Wondrous

There was a wonderful tobacco shop on Tremont Street in Boston; Pipes, tobacco, and cigars. A model of the fishing Schooner Elsie figured prominently in the window. Even if you didn’t smoke, you could spend an hour inhaling the wondrous odors and looking at the carved meerschaum and briar pipes. The handmade humidors lined with Spanish Cedar seemed too good for mere stogies, and in fact, the best cigars were available from the carefully maintained stock that made the shop famous.

A stop there would make me tardy for other appointments like browsing the model railroad hobby shops, touring the Granary Burial Ground, or the Old Statehouse with its carvings of lions and unicorns. 

Then I’d take a brief dive into the financial district and pass by the gracious architecture of the Old City Hall before heading over to an as yet un-tourist sanitized Fanuel Hall and the old public market. Leaving these after looking at the remains of old ship chandlers and ghost signs for Sailmaker’s lofts, I’d dive into the North End, grab a fresh cannoli and espresso, and head over to the Haymarket. Taking time to fix my tangled shoelaces, I’d watch the crowds shopping at the pushcarts for anything fresh you might desire.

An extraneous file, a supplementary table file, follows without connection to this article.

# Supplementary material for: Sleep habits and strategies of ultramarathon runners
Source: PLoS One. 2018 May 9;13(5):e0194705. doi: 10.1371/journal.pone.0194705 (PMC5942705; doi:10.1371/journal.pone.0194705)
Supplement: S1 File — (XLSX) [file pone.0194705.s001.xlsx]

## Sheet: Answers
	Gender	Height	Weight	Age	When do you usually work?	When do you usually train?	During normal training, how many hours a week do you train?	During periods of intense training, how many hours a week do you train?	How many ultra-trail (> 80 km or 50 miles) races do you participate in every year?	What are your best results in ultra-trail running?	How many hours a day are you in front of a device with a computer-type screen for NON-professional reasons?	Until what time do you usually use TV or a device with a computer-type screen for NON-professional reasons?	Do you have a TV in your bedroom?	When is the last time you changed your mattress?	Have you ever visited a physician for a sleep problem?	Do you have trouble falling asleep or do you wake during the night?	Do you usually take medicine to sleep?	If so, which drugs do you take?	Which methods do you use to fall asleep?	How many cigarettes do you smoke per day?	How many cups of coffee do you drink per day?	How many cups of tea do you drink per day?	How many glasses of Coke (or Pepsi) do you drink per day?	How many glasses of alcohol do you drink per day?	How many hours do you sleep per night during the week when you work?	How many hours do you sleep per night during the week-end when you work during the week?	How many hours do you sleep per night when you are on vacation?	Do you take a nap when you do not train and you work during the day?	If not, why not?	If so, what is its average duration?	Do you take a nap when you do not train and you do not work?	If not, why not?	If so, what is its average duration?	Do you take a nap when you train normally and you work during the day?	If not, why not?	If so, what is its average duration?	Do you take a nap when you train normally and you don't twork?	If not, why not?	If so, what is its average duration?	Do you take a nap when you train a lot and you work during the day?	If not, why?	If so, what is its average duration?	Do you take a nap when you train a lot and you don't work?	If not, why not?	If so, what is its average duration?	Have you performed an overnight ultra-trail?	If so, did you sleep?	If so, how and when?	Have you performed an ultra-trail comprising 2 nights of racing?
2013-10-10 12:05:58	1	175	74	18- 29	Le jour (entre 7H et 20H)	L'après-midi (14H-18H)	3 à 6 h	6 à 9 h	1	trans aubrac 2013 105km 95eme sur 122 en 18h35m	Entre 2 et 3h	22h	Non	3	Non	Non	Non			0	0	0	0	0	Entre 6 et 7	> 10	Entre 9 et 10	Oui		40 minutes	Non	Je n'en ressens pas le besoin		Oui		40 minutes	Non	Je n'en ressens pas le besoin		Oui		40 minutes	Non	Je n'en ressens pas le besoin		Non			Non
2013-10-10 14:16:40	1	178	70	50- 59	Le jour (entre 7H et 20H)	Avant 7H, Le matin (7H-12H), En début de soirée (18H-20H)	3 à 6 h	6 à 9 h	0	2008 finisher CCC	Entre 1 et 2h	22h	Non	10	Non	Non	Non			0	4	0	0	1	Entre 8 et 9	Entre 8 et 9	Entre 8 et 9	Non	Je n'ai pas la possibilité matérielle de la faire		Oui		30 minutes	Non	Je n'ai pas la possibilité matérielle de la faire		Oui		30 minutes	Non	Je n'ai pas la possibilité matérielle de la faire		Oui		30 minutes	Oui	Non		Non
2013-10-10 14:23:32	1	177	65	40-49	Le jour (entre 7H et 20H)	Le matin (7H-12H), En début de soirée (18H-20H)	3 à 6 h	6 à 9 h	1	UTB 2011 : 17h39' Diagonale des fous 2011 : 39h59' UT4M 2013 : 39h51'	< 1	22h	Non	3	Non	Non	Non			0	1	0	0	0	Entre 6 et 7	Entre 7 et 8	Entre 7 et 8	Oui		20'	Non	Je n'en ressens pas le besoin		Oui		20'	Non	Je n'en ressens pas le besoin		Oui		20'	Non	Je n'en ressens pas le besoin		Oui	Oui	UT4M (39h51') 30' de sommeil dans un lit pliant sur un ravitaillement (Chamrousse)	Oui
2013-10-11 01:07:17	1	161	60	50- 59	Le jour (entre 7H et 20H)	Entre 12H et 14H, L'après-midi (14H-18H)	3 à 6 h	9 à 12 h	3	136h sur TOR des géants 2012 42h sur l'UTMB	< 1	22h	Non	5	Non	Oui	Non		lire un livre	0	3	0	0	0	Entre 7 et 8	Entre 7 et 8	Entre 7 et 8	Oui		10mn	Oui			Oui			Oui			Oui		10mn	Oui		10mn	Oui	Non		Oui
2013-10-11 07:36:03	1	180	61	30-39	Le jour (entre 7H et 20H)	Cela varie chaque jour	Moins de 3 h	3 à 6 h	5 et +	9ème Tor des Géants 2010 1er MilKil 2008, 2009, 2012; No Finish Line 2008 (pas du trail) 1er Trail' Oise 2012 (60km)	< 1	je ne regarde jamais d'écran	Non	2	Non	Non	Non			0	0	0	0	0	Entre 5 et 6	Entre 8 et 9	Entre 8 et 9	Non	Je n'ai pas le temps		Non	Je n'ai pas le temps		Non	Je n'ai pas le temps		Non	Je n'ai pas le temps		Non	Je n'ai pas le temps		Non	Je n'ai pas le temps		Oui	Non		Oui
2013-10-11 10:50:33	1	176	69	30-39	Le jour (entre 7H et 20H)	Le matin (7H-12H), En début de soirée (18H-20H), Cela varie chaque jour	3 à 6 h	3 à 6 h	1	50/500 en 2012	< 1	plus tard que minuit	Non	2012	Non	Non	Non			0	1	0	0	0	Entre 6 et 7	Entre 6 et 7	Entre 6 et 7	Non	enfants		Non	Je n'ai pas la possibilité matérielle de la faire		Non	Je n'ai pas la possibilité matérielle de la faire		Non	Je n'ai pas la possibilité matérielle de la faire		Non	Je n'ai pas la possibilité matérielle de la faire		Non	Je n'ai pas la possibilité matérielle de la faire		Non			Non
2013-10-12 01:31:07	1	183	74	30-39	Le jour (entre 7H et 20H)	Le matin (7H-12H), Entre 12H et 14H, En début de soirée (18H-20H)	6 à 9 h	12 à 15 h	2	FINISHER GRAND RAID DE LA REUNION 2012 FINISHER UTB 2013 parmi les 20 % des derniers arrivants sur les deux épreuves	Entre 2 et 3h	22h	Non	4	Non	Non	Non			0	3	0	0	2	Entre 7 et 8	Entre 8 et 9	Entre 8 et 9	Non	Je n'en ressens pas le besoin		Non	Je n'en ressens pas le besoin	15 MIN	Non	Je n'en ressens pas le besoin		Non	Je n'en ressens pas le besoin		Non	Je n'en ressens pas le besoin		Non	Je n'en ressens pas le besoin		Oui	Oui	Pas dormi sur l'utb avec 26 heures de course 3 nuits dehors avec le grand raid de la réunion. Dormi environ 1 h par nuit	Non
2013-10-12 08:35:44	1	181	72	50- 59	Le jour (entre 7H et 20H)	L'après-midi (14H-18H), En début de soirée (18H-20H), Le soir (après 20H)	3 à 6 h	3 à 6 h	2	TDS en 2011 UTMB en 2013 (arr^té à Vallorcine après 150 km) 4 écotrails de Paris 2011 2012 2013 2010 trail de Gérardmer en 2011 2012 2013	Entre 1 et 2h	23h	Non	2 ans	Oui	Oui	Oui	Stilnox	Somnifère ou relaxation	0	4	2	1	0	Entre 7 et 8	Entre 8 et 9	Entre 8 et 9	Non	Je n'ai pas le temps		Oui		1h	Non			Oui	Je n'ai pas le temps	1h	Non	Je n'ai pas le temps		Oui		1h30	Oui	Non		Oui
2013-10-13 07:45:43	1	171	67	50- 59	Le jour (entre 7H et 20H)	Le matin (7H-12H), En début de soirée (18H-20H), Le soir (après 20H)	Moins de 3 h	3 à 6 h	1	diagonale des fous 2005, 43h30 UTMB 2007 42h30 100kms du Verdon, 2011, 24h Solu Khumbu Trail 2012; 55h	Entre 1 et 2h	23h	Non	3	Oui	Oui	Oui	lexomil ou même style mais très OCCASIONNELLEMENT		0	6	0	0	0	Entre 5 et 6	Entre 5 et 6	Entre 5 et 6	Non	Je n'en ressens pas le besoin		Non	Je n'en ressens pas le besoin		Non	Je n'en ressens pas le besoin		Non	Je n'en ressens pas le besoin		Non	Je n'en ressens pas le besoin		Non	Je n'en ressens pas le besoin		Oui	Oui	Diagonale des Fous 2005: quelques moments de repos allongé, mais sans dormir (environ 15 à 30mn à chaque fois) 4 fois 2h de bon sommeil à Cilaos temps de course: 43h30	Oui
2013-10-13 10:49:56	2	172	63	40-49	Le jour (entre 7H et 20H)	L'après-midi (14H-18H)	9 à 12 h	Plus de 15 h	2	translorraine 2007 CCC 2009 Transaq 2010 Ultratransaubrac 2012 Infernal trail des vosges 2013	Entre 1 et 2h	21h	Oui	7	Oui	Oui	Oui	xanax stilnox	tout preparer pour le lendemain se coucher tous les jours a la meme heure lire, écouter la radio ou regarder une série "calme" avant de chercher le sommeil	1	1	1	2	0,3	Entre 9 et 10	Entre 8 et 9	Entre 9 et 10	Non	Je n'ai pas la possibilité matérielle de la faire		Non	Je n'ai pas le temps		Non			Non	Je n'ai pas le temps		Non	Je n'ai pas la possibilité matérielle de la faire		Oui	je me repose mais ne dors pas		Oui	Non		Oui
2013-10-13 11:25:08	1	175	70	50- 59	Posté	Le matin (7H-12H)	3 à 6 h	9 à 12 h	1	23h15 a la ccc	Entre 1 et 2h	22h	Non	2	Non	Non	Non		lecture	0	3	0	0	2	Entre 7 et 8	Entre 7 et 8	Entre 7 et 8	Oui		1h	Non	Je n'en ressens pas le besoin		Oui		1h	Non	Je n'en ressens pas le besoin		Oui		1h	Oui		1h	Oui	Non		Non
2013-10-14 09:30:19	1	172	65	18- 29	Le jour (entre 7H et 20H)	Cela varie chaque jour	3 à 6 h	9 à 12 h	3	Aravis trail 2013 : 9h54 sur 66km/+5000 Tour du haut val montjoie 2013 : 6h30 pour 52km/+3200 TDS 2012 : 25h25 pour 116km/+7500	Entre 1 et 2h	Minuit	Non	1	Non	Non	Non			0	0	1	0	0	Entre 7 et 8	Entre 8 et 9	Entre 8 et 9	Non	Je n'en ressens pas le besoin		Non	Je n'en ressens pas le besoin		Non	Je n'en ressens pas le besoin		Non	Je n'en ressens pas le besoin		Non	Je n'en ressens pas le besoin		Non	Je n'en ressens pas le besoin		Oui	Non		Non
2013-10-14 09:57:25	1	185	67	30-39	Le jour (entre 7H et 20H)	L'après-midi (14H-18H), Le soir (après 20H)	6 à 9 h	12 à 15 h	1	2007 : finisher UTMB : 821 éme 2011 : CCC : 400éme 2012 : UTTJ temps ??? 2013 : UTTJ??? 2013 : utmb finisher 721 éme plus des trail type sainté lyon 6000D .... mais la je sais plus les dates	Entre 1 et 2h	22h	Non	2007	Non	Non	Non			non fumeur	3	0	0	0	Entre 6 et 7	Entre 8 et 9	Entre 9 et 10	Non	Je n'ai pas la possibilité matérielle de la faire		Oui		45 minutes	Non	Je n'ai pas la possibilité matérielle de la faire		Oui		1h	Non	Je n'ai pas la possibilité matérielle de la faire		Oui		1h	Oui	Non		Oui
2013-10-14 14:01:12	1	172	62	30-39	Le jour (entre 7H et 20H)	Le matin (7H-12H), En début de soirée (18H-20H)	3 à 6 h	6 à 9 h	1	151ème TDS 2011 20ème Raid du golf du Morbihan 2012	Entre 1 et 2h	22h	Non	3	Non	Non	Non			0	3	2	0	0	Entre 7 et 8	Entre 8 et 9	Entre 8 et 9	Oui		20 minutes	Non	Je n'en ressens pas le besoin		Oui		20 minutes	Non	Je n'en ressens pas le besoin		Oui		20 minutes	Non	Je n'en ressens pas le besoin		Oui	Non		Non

From there, I’d head back towards Beacon Hill but stop briefly in the herb and spice shop for some unique ingredients the Monk wanted for Sunday dinner. Then, crossing under the elevated highway, I’d whip as fast as I could through the new City Hall Plaza. This sterile wasteland had recently replaced the vibrant but tawdry Scolly Square. Urban renewal creating urban deserts.

Crossing over to Cambridge Street, I’d eventually reach Grove Street. Stopping at the Harvard Gardens to wet my dry throat, I’d spend a half-hour passing the time before heading up the street to help cook dinner.

It was 1965. Malls were just a myth becoming a reality, and the internet was not even a gleam in a programmer’s eye. In an hour, I’d walked and shopped through sights more wondrous and deep in history than Amazon could imagine.

The miracle that was a vibrant downtown was something that had been slowly making for centuries. Instead, the malls and the internet are things thrown up in the shadows of history. They have utility but little charm or historical depth. So you’re saying, “Lou, you are such a Luddite.” No, I’m not. I use the malls and the internet, but I recognize them for what they are – commercial conveniences – not fascinating places to people watch, tune into the history of my community. And browse in person a worldwide marketplace.

It takes time to create a wondrous place. It’s like Miracle Max says in the Princess Bride: “You rush a miracle man; you get rotten miracles.” 

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